South African President Thabo Mbeki and his grossly underperforming Minister of Health, Manto Tshabalala-Msimang, have long been in denial about AIDS and the epidmic that has infected more than 5 million South Africans. It took a judicial ruling in a civil action taken against the ruling ANC government to make available anti-retroviral therapy for pregnant women.
This last week has seen Mbeki fire the courageous deputy health minister, Nozizwe Madlala-Routledge, who, in her short stint in the job, showed us what a person of integrity and honesty can achieve in the fight against HIV/ AIDS.
In her tenure at the health ministry, Madlala-Routledge spoke about setting an example on AIDS. She took a public AIDS test and encouraged other leaders to do the same. She spoke eloquently about her relatives who had died of AIDS, and about how, as a nation, efforts to destigmatise the pandemic had to be made.
In 2003 in an interview with the Washington Post, Mbeki said: “Personally, I don’t know anybody who has died of AIDS.”
Former newspaper editor and anti-Apartheid activist, Allister Sparks wrote in his book "Beyond the Miracle" that Mbeki’s then spokesman, Parks Mankahlana, who died in 2000, and Peter Mokaba, the youth leader who catapulted Mbeki into the presidency, both died of AIDS. Mankahlana served Mbeki for over a year and died while a member of his staff.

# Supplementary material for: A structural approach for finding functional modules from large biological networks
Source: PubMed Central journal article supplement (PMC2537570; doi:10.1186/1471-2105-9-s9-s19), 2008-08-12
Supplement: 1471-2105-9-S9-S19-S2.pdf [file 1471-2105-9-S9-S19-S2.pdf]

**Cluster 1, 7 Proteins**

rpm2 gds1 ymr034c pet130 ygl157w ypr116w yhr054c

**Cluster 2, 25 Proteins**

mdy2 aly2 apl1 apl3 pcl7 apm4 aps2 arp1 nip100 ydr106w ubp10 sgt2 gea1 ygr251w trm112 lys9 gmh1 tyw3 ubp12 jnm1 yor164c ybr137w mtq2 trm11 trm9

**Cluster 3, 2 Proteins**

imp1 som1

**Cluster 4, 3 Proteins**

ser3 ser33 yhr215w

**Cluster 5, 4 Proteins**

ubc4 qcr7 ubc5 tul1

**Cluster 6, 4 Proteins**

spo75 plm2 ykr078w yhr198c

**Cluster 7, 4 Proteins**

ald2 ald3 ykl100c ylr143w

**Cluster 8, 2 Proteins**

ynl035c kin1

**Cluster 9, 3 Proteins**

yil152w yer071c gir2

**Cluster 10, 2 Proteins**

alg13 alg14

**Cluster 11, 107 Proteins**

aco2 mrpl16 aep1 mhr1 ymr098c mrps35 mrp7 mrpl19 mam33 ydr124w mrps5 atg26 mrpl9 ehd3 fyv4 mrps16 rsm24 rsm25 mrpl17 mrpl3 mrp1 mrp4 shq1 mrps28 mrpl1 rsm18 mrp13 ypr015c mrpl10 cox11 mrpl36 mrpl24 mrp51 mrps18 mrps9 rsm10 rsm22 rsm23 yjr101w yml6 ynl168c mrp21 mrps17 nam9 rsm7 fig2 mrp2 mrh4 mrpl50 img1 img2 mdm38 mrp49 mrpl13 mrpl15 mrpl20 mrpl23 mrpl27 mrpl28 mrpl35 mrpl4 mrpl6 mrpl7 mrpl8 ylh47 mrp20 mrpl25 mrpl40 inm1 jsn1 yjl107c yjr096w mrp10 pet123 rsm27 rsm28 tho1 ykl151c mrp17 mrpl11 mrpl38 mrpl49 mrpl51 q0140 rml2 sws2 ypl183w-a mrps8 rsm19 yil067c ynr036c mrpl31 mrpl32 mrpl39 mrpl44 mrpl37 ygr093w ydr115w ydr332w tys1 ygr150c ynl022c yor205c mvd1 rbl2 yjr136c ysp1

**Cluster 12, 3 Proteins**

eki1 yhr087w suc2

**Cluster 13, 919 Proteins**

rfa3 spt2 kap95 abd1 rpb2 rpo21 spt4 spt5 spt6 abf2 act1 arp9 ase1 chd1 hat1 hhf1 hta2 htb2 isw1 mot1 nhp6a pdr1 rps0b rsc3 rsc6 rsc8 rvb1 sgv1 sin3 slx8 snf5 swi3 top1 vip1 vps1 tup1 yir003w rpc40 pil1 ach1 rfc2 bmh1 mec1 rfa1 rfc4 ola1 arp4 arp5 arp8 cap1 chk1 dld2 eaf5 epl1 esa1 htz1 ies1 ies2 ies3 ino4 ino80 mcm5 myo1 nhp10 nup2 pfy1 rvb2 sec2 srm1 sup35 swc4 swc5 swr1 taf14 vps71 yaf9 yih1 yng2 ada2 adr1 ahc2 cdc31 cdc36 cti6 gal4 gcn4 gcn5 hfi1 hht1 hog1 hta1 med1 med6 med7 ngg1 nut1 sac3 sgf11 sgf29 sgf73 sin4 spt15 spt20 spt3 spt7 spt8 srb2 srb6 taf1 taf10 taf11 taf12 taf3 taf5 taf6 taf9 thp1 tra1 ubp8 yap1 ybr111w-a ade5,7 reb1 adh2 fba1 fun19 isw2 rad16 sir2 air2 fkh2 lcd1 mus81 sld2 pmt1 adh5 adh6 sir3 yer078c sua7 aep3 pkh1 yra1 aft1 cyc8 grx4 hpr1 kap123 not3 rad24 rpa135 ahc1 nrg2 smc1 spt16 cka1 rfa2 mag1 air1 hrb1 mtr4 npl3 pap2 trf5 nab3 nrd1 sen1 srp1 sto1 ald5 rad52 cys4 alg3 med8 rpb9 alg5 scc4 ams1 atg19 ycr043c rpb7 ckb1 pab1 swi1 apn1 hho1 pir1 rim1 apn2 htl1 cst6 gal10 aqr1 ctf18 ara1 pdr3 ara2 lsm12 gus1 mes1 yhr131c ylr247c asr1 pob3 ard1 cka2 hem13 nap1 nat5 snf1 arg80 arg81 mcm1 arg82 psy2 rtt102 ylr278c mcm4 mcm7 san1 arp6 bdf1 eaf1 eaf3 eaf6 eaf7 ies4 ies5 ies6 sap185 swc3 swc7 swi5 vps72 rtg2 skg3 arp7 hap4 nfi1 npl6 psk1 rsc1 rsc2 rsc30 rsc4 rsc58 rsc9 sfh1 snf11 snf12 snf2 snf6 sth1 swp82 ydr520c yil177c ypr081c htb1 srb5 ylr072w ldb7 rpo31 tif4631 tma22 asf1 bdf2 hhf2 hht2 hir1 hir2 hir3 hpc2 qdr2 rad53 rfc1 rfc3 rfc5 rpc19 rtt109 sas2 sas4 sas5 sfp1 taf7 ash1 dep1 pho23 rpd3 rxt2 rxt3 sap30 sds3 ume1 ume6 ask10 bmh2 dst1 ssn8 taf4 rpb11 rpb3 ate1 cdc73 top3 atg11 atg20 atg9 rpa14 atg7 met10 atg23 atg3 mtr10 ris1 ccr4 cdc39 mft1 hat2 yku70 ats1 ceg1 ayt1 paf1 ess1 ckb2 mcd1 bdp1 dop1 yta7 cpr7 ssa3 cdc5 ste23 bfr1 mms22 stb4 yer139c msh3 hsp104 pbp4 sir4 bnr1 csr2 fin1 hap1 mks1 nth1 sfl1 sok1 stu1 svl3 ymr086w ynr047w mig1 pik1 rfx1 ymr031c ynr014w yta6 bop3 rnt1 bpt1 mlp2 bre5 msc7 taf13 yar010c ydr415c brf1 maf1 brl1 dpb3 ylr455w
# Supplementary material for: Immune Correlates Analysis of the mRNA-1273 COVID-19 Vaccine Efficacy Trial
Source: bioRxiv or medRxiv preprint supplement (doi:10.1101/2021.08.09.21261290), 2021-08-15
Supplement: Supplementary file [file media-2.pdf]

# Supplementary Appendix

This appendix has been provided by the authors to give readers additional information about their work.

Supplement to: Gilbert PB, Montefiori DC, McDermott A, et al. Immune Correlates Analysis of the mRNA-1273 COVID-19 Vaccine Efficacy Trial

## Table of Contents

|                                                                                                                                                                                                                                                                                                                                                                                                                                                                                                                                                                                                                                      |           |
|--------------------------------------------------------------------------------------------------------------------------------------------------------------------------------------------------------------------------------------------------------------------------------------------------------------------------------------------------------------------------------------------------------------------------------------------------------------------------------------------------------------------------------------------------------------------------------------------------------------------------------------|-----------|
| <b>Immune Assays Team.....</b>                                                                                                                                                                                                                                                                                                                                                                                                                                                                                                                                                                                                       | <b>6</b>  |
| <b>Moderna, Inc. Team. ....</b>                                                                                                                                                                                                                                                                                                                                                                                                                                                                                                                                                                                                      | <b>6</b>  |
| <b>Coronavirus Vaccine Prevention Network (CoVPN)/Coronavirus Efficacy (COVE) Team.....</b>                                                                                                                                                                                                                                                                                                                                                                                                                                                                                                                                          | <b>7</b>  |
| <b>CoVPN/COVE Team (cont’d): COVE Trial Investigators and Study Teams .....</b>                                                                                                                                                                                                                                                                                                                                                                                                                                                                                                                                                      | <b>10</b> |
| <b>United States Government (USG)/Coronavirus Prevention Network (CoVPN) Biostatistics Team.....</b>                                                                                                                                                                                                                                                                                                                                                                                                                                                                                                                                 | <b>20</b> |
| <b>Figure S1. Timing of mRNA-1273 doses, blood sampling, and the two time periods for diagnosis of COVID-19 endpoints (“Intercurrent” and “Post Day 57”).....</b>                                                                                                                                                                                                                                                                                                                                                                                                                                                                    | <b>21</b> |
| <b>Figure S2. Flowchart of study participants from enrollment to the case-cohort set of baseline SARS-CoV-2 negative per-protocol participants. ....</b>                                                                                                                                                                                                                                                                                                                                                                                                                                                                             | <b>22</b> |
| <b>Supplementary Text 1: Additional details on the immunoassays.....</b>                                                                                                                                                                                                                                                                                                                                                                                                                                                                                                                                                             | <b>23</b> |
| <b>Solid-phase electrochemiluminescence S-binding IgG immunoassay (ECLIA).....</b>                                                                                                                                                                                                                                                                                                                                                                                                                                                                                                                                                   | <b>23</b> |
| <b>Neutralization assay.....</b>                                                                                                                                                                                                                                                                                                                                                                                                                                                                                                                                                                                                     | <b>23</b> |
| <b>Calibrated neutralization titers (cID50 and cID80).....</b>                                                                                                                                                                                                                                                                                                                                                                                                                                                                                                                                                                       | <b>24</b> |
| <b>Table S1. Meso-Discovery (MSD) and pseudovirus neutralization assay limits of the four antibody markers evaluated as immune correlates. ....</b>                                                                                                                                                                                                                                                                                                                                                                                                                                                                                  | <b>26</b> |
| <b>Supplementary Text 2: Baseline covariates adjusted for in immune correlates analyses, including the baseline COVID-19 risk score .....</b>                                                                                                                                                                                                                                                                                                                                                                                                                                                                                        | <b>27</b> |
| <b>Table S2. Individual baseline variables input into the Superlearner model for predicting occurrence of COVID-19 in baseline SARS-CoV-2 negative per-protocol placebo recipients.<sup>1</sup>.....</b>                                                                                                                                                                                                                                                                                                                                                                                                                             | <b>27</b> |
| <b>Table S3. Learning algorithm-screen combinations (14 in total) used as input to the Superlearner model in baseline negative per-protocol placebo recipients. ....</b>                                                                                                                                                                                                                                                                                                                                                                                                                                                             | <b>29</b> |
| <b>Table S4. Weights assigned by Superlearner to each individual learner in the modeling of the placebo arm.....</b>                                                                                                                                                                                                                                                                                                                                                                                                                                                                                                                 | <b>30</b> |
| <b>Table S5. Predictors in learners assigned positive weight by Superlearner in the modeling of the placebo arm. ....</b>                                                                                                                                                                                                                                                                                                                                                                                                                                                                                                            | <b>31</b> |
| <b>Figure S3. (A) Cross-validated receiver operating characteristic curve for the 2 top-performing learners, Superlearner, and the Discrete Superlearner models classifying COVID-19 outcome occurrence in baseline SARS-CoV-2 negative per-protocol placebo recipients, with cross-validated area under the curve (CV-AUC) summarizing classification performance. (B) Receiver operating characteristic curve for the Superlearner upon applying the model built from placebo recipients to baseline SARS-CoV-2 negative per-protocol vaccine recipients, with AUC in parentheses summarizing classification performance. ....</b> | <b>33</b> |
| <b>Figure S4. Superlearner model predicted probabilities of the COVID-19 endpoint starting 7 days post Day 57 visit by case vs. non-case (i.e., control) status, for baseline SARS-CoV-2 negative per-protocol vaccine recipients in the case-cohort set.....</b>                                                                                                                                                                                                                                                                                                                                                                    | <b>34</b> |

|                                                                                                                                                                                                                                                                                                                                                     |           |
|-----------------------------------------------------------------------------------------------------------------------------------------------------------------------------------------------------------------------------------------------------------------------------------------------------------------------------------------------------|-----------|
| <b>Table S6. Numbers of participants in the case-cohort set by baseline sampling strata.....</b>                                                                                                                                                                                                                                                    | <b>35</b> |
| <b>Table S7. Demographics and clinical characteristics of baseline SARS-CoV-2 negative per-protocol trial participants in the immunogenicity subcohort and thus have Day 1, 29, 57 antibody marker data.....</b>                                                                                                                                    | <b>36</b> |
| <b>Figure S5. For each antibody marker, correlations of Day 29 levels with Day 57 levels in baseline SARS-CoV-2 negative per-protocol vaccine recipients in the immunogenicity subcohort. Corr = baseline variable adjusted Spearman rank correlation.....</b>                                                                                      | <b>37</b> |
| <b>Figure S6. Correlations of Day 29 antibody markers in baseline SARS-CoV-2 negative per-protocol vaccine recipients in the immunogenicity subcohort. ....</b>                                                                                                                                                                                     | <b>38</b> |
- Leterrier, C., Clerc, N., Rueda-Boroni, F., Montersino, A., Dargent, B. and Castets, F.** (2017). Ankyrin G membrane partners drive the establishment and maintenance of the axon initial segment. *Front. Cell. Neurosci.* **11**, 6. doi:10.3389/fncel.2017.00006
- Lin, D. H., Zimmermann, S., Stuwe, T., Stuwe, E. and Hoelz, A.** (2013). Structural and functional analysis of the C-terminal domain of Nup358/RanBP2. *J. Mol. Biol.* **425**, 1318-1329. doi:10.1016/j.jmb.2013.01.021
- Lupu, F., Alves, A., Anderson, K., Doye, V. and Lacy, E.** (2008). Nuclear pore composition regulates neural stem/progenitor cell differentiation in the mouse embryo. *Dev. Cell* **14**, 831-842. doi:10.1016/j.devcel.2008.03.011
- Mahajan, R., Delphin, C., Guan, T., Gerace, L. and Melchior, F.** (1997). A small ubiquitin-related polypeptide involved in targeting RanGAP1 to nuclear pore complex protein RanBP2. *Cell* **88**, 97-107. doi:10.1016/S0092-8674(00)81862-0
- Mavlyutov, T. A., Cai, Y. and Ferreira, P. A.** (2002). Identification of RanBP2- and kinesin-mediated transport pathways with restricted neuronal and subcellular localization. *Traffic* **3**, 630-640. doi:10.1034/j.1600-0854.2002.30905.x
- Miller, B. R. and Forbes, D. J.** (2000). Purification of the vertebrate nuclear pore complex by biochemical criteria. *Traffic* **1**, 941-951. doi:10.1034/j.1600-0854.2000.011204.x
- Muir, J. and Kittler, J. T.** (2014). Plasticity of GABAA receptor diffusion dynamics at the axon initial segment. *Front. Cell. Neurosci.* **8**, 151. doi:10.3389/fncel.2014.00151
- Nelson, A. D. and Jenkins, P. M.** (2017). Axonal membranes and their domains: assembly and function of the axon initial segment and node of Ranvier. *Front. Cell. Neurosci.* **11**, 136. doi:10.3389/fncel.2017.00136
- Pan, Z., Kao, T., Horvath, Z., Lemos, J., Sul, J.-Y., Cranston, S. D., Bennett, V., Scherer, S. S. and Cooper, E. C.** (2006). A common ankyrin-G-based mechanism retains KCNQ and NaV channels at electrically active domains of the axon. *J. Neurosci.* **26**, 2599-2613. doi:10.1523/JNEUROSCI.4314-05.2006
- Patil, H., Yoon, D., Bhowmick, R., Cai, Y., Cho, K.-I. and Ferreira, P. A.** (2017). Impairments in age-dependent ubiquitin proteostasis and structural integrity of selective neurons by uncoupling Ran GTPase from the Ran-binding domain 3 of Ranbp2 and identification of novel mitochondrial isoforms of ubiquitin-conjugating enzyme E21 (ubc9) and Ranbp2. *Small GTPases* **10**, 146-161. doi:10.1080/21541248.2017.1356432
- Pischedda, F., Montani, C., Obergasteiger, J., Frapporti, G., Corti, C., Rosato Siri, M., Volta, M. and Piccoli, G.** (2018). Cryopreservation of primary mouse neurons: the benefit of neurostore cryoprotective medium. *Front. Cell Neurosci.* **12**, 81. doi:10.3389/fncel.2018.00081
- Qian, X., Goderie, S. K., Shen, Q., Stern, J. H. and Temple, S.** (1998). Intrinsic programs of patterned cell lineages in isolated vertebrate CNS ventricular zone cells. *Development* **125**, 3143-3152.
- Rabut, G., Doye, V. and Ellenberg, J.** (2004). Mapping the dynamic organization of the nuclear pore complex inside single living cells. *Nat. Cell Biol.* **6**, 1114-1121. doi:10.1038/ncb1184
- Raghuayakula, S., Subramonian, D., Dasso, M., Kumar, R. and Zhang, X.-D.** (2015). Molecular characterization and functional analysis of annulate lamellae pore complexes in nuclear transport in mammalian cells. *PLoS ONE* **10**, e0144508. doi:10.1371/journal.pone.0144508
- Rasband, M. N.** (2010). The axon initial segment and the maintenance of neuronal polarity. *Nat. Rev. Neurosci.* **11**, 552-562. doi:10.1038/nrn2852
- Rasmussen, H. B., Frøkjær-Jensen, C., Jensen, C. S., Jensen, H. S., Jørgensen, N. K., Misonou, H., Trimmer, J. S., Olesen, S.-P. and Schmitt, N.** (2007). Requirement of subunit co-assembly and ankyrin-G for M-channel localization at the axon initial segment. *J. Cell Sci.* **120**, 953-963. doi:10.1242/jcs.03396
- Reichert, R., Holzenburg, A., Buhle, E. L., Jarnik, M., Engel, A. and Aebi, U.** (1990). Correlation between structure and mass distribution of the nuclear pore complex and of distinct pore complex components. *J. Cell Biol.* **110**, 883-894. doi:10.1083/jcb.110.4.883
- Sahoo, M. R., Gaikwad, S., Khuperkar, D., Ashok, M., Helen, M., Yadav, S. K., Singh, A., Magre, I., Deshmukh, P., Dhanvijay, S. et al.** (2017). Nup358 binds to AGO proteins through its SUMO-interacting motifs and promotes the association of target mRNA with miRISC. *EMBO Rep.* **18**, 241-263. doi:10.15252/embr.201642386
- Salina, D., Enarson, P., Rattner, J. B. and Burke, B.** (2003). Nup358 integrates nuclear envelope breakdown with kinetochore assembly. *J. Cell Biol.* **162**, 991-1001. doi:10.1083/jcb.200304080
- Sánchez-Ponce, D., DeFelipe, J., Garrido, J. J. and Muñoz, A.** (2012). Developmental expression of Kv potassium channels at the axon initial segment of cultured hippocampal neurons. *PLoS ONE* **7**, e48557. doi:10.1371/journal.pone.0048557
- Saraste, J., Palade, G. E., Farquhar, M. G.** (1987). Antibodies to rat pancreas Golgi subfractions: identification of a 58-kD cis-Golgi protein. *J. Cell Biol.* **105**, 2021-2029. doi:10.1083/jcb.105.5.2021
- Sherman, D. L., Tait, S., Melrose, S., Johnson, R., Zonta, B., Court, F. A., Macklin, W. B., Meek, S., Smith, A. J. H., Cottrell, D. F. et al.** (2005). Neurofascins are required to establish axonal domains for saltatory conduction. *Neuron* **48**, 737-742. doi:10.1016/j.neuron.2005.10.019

Last week, Madlala-Routledge's alleged impropriety of her trip to Spain to attend a conference on HIV/AIDS without Mbeki's blessing, provided him the opportunity to get rid of her.
It is at times like these, when courageous voices like Madlala- Routledge’s are silenced , that we should remember what Nelson Mandela said when he handed over the reins of power to Mbeki in December 1997.
The former president warned: “One of the temptations of a leader who has been elected unopposed is to use his powerful position to settle scores with his detractors, to marginalise them and in some cases get rid of them, and to surround himself with yes-men … .
“The leader must keep the forces together, but you can’t do that unless you allow dissent …
"People should be able to criticise the leader without fear or favour. Only in that case are you likely to keep your colleagues together.”
These are words Mbeki should have remembered before he acted last week — but were not by a president who's legacy, as his rule peters to an ignominious end, is nothing but that of AIDS denial, support for a murderous dictator to the north, and rampant crime and lawlessness in the country; and were not by a man who has come to fear words of courage from those around him.